The U.S. job market is showing signs of a sustained recovery. But the country’s prolonged struggle with unemployment will leave scars that are likely to remain for years, if not generations.
The latest labor-market snapshot, out Friday, gave cause for continued, if tepid, optimism. U.S. employers added 200,000 jobs in December, and the unemployment rate ticked down to 8.5%, its lowest level since early 2009.
But economists gathered here for the American Economic Association’s annual convention took a longer and generally dimmer view. Even if recent progress continues, the recession already has had a lasting effect on a generation of workers. Worse, the crisis has laid bare problems in the U.S. labor market that won’t quickly recover when the economy eventually rebounds. And the longer that unemployment remains high, the greater the risk that it will create structural problems that will endure.
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The economists here, mostly academics, are studying the causes and effects of the jobs crisis from different angles, and they frequently disagree. Nonetheless, a few common themes emerge.
Long-term unemployment may be a bigger problem than high unemployment. Americans have been understandably frustrated by the slow pace of job growth. But economists say much of that slowness is explained by the weak economic growth since the recession ended more than two years ago. In that sense, the problem isn’t the “jobless recovery” but rather that the recovery itself has been so weak. If the recovery gains steam—as some economists believe has been happening in recent months—the growth in jobs should pick up as well.Unprecedented rates of long-term unemployment could threaten the economy’s recent gains. Some 5.6 million Americans have been out of work at least six months, 3.9 million of them for a year or more. Research shows that the longer people are unemployed, the less likely they are to find jobs. Economists aren’t sure why—to what degree it’s because workers’ skills deteriorate, or because they find ways to cope and give up looking for work, or whether the stigma of being unemployed for so long makes companies unlikely to hire them—but the effect is the same: Many of the people out of work the longest likely will never work again.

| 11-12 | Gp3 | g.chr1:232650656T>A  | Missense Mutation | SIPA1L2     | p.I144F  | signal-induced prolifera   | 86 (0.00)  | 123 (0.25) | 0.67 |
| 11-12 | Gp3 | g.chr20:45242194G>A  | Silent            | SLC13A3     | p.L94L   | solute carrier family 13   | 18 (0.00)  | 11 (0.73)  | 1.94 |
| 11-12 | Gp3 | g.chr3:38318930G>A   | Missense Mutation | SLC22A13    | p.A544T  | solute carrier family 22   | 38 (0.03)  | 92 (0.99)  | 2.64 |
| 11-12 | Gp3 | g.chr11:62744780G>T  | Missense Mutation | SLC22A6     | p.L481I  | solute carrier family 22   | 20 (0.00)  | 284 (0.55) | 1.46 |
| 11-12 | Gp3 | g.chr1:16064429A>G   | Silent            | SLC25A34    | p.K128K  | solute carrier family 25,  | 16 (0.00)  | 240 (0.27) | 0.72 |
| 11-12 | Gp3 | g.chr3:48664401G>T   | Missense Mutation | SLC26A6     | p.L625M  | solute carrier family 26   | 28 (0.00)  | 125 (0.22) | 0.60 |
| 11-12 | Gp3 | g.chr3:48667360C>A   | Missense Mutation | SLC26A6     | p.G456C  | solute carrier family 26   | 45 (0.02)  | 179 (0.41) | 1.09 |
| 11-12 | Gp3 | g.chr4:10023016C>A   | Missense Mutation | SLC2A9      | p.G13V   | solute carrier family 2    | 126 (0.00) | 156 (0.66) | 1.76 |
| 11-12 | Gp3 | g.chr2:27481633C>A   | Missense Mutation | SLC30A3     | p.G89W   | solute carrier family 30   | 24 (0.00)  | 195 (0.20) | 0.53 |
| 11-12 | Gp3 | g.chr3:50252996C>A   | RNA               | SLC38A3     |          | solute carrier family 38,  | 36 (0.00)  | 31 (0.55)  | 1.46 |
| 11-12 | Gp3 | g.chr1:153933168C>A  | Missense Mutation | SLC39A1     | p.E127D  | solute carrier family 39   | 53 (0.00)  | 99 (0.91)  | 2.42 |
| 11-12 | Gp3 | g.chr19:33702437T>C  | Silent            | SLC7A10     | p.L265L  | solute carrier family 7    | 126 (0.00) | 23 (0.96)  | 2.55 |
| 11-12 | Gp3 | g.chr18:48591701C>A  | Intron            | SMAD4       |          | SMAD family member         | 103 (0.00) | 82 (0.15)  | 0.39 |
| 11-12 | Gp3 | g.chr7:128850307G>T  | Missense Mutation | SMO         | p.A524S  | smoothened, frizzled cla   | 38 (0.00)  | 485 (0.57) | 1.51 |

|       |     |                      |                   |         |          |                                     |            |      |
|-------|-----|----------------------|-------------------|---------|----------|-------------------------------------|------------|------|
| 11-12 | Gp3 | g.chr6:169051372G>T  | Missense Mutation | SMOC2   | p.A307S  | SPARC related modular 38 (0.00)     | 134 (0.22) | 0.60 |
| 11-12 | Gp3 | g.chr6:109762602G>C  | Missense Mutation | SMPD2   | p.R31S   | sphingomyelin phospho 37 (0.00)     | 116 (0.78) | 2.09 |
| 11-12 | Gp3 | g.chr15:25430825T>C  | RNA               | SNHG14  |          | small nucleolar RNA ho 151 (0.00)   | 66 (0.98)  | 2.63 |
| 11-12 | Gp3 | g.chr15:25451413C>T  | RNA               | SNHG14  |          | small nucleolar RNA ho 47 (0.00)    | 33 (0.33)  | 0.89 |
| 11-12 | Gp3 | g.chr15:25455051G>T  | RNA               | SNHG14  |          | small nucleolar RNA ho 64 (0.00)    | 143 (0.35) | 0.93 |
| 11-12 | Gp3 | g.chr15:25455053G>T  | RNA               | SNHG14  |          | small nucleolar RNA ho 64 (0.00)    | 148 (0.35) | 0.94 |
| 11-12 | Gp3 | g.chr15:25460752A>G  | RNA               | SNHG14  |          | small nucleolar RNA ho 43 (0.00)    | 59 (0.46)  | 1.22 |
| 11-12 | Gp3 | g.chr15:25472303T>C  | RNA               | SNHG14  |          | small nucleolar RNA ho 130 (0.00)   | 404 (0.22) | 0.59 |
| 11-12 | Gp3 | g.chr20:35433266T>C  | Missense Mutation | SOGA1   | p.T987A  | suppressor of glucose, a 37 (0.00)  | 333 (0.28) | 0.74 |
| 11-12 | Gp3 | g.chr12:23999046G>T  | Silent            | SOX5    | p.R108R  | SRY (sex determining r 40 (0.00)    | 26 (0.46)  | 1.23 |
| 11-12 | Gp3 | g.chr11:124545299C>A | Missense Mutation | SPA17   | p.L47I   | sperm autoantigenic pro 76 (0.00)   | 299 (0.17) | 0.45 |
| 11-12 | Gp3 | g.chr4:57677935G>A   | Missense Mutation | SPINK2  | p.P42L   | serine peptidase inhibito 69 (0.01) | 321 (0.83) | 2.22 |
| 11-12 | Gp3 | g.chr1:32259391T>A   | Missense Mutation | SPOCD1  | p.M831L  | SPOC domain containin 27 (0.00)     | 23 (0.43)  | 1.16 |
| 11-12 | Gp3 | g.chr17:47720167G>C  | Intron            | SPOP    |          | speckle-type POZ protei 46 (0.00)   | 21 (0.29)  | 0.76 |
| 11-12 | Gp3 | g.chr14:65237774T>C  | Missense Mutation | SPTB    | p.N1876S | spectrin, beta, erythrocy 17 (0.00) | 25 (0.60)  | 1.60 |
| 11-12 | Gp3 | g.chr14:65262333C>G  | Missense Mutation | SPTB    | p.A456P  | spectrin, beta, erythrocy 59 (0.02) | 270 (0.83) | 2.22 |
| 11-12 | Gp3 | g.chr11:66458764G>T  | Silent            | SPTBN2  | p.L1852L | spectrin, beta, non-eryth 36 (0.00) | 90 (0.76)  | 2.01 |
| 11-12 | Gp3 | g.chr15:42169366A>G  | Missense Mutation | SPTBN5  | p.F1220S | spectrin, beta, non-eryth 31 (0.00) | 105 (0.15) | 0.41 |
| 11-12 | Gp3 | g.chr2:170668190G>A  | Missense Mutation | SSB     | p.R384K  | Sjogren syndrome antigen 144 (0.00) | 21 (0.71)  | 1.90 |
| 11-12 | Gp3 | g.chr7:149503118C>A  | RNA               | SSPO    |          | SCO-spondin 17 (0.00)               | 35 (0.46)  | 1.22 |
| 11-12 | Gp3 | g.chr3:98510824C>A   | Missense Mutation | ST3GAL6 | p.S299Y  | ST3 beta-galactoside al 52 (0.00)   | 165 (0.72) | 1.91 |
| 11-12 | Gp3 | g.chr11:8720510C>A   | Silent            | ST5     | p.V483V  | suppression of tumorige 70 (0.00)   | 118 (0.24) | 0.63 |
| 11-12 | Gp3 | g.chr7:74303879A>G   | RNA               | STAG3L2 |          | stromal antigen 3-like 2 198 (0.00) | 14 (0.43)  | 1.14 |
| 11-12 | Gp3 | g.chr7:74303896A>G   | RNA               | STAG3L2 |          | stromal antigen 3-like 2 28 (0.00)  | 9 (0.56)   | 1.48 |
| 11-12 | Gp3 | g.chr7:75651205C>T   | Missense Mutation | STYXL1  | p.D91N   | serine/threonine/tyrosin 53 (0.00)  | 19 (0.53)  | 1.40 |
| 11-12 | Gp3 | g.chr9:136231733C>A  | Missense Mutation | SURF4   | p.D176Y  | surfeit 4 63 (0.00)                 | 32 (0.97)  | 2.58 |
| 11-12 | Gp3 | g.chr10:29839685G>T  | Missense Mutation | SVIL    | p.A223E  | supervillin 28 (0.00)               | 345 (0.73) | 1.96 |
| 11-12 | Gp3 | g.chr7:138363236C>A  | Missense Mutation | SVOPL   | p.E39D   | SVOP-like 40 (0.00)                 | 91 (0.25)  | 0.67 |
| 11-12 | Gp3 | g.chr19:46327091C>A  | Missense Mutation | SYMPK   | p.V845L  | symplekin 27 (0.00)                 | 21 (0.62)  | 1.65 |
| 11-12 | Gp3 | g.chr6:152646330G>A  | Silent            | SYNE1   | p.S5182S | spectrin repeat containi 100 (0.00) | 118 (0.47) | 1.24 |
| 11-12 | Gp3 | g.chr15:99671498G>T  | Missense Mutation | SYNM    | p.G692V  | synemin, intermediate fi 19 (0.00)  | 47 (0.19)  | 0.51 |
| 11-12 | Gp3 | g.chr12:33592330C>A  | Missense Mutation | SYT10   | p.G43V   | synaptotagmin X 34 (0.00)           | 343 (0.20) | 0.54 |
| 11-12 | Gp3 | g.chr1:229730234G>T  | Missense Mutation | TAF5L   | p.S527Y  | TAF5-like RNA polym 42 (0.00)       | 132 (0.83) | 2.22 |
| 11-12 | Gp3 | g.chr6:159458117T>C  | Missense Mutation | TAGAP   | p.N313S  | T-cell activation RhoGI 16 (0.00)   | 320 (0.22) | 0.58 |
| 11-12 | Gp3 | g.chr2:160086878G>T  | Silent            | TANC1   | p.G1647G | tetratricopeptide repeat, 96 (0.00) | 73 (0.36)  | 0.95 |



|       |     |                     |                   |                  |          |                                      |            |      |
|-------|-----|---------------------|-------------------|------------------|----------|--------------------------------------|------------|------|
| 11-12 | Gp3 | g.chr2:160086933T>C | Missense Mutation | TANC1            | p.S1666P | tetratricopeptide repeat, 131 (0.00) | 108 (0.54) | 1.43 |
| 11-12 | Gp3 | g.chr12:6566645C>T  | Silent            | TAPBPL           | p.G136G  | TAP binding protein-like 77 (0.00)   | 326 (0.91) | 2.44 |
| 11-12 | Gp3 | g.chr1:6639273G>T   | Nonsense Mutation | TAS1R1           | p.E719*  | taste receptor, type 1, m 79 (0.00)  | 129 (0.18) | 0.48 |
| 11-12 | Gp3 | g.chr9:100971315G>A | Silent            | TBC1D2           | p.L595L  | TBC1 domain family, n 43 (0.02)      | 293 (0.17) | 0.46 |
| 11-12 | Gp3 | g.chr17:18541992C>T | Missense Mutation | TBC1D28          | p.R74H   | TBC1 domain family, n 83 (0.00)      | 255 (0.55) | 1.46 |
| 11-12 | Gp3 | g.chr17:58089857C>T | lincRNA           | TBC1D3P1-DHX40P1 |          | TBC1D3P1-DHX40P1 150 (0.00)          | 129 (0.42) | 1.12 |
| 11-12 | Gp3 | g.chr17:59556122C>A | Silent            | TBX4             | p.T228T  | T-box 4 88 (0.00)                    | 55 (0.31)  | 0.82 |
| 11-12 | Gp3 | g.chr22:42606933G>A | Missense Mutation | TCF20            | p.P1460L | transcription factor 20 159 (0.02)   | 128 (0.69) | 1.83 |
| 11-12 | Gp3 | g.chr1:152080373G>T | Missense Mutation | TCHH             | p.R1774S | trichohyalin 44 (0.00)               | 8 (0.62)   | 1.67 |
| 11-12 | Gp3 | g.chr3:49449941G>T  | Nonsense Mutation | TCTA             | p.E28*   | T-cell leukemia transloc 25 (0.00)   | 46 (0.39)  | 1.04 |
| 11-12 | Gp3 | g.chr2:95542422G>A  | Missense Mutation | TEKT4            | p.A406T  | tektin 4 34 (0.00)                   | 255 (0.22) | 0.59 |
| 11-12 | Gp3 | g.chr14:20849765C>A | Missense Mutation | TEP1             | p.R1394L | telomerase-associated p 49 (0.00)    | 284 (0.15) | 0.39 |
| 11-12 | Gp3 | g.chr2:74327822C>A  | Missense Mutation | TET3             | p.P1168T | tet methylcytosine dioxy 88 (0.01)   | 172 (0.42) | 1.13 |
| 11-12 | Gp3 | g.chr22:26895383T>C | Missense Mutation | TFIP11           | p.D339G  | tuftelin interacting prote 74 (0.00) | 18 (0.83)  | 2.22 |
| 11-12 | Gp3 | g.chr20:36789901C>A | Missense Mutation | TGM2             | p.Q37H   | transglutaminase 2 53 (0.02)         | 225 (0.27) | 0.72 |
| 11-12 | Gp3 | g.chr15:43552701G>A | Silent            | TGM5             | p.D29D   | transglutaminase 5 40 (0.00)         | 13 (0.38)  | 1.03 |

The risk, economists say, is that the U.S. will develop an underclass of semipermanently unemployed workers, with severe consequences for productivity, public finances and even social stability. Europe, which faced a similar problem in the 1980s, is still dealing with the consequences.
“We know that once you get into that type of situation it’s very hard to get out,” said Steven Davis, a professor at the University of Chicago’s Booth School of Business.
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